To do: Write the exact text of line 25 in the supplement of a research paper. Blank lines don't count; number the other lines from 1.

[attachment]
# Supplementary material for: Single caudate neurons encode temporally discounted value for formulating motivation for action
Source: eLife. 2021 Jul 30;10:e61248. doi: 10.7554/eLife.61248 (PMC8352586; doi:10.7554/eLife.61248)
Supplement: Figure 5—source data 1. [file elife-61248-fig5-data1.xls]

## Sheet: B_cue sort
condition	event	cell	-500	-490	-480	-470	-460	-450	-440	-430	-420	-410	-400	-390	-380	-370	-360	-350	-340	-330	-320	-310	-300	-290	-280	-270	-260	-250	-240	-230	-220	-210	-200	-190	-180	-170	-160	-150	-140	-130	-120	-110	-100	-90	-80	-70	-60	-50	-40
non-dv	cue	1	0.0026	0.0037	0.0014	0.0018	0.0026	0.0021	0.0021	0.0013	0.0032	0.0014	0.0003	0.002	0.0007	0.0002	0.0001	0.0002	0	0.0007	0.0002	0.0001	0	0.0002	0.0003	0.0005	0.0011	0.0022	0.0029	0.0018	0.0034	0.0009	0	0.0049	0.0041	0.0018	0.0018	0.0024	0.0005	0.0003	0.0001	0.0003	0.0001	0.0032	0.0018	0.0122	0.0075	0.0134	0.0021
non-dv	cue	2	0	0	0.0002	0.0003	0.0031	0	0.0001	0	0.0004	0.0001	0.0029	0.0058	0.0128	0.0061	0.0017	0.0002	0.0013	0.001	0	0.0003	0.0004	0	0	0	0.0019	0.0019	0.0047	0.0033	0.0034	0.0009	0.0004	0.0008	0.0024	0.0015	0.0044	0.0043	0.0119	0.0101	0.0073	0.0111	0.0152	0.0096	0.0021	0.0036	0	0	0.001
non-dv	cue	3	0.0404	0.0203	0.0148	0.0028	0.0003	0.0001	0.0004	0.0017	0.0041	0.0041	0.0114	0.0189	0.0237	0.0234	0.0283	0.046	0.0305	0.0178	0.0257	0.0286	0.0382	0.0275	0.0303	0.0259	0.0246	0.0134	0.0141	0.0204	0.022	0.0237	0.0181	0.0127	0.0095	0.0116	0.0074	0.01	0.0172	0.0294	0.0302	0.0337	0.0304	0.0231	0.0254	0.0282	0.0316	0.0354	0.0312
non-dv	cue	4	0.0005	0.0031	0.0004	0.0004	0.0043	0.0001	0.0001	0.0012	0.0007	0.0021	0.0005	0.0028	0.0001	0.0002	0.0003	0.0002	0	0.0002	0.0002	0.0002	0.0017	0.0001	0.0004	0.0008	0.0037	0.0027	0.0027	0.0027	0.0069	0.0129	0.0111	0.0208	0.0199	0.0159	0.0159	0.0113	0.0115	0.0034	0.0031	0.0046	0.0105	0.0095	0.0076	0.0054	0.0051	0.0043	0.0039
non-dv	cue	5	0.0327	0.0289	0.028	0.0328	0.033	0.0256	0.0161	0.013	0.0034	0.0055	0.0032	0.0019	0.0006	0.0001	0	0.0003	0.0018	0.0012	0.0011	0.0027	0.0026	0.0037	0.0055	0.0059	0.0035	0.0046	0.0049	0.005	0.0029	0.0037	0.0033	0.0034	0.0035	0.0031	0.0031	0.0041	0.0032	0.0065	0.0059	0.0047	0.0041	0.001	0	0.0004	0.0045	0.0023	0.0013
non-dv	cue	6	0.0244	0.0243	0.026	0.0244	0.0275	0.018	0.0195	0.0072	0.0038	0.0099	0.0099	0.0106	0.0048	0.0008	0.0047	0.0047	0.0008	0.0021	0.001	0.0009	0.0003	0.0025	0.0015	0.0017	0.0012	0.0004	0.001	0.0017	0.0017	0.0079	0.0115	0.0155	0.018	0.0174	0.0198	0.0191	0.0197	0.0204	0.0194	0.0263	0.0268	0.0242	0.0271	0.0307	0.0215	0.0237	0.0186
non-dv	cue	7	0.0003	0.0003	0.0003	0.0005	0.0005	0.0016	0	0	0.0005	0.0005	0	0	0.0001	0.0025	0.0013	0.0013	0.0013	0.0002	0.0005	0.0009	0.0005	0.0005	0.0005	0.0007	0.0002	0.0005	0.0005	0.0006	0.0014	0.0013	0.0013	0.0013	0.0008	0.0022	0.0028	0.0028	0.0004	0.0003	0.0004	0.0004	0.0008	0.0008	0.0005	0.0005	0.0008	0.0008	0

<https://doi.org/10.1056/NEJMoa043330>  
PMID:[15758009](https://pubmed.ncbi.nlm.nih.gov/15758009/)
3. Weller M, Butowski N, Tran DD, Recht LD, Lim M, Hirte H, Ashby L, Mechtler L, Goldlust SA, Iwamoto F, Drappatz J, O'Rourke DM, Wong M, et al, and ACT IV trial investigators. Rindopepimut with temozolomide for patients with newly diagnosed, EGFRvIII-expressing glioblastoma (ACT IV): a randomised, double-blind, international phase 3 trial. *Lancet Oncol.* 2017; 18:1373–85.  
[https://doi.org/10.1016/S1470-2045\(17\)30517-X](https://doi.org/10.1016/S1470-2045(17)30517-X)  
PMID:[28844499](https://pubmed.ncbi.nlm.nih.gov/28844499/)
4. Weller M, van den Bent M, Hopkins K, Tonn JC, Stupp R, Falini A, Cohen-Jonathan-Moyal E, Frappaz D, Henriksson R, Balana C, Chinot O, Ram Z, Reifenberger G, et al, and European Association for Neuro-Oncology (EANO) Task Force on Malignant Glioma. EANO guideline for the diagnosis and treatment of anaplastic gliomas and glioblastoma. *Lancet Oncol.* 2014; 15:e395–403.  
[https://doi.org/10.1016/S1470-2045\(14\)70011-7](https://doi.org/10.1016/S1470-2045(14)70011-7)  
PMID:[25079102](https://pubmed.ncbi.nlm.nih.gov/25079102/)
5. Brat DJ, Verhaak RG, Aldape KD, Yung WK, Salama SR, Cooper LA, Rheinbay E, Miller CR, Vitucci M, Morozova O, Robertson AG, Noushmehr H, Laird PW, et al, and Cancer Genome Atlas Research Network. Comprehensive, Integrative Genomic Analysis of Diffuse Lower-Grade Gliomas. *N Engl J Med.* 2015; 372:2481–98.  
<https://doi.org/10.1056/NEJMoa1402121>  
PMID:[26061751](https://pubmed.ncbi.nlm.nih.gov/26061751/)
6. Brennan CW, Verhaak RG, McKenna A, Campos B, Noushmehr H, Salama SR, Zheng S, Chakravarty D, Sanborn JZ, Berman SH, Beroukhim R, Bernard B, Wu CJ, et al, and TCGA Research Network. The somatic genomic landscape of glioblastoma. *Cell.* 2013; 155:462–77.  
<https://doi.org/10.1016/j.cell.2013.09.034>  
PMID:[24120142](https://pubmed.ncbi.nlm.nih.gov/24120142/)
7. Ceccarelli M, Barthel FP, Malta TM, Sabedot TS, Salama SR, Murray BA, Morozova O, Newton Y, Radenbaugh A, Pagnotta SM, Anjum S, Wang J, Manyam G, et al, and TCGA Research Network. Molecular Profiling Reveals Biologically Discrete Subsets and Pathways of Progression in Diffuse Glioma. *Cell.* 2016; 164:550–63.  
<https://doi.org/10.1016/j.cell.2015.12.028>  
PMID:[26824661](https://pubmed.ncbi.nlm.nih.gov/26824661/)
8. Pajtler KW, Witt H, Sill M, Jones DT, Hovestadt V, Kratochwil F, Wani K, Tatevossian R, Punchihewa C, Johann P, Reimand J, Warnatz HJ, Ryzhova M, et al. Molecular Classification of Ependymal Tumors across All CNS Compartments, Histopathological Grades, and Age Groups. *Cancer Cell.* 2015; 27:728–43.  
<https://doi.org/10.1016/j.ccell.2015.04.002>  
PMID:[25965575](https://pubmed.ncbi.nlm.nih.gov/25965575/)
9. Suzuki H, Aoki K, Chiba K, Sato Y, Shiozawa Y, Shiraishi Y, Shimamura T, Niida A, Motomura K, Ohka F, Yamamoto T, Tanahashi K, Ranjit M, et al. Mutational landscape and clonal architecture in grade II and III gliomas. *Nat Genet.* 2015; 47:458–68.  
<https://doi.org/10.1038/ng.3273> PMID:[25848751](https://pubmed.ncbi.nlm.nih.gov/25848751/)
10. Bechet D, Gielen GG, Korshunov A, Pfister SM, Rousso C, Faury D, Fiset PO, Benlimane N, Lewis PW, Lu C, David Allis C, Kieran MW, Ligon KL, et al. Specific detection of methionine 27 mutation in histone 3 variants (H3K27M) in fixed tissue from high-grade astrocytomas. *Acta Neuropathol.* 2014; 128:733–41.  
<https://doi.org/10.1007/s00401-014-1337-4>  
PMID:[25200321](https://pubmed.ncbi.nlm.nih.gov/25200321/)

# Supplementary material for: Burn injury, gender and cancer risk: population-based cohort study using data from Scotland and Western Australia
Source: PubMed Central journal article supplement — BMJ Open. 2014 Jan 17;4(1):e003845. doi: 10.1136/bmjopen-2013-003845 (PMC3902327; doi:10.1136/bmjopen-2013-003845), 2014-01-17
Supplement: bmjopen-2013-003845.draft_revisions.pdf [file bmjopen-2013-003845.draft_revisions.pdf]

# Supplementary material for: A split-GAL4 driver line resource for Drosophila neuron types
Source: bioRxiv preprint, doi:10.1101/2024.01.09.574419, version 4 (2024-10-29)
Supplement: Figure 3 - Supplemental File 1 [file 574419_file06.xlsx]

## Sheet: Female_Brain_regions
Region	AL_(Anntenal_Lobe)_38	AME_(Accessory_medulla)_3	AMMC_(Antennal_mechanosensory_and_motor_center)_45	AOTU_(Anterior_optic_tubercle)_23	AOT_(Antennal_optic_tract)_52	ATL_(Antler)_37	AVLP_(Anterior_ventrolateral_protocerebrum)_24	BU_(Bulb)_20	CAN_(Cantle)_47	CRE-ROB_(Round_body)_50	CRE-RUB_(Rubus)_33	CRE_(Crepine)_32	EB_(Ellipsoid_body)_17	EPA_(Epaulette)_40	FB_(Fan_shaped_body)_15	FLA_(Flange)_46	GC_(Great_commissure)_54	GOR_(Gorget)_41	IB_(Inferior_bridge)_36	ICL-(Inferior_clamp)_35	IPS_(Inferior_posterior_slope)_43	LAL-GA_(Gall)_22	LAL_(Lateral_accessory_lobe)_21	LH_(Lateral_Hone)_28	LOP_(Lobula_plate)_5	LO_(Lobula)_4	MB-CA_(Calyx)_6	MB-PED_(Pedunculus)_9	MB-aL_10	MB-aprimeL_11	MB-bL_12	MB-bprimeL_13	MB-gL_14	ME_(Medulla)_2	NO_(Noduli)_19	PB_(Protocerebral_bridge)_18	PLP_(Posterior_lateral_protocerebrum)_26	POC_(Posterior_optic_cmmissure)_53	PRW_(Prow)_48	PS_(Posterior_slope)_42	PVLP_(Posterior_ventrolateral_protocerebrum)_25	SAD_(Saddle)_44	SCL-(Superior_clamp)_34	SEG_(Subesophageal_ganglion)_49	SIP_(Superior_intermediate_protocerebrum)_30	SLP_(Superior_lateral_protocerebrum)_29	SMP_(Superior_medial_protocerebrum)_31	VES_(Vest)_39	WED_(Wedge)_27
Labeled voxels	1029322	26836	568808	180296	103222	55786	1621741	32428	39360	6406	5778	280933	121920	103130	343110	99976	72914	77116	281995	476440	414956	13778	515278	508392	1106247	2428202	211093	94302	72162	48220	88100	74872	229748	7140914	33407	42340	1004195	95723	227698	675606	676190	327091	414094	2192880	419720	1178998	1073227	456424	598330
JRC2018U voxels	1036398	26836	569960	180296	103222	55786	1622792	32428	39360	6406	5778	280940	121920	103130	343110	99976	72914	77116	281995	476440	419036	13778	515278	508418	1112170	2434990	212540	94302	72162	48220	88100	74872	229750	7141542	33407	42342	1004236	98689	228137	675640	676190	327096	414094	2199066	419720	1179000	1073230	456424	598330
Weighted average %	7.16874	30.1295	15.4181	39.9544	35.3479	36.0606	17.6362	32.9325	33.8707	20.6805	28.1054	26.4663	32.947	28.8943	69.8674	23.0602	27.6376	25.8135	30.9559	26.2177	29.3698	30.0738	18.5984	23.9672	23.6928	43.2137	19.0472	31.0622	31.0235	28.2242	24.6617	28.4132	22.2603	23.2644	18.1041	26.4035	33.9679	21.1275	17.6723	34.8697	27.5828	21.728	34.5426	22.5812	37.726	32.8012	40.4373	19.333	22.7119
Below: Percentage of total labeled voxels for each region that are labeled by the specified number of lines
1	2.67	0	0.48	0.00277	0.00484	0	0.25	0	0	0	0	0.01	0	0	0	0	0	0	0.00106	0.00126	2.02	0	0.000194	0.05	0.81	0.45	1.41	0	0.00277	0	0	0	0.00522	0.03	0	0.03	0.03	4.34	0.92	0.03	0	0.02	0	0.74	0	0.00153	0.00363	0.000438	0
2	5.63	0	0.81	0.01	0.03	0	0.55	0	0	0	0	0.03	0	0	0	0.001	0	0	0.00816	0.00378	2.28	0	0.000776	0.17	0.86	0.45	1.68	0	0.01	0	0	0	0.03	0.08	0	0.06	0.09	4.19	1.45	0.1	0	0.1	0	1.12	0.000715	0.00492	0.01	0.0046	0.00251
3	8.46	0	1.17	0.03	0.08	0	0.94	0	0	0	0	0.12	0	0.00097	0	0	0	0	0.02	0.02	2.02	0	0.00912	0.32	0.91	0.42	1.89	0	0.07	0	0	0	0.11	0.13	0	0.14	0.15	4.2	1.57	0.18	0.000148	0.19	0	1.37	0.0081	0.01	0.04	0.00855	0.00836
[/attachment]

<https://doi.org/10.1016/j.cell.2013.09.034>  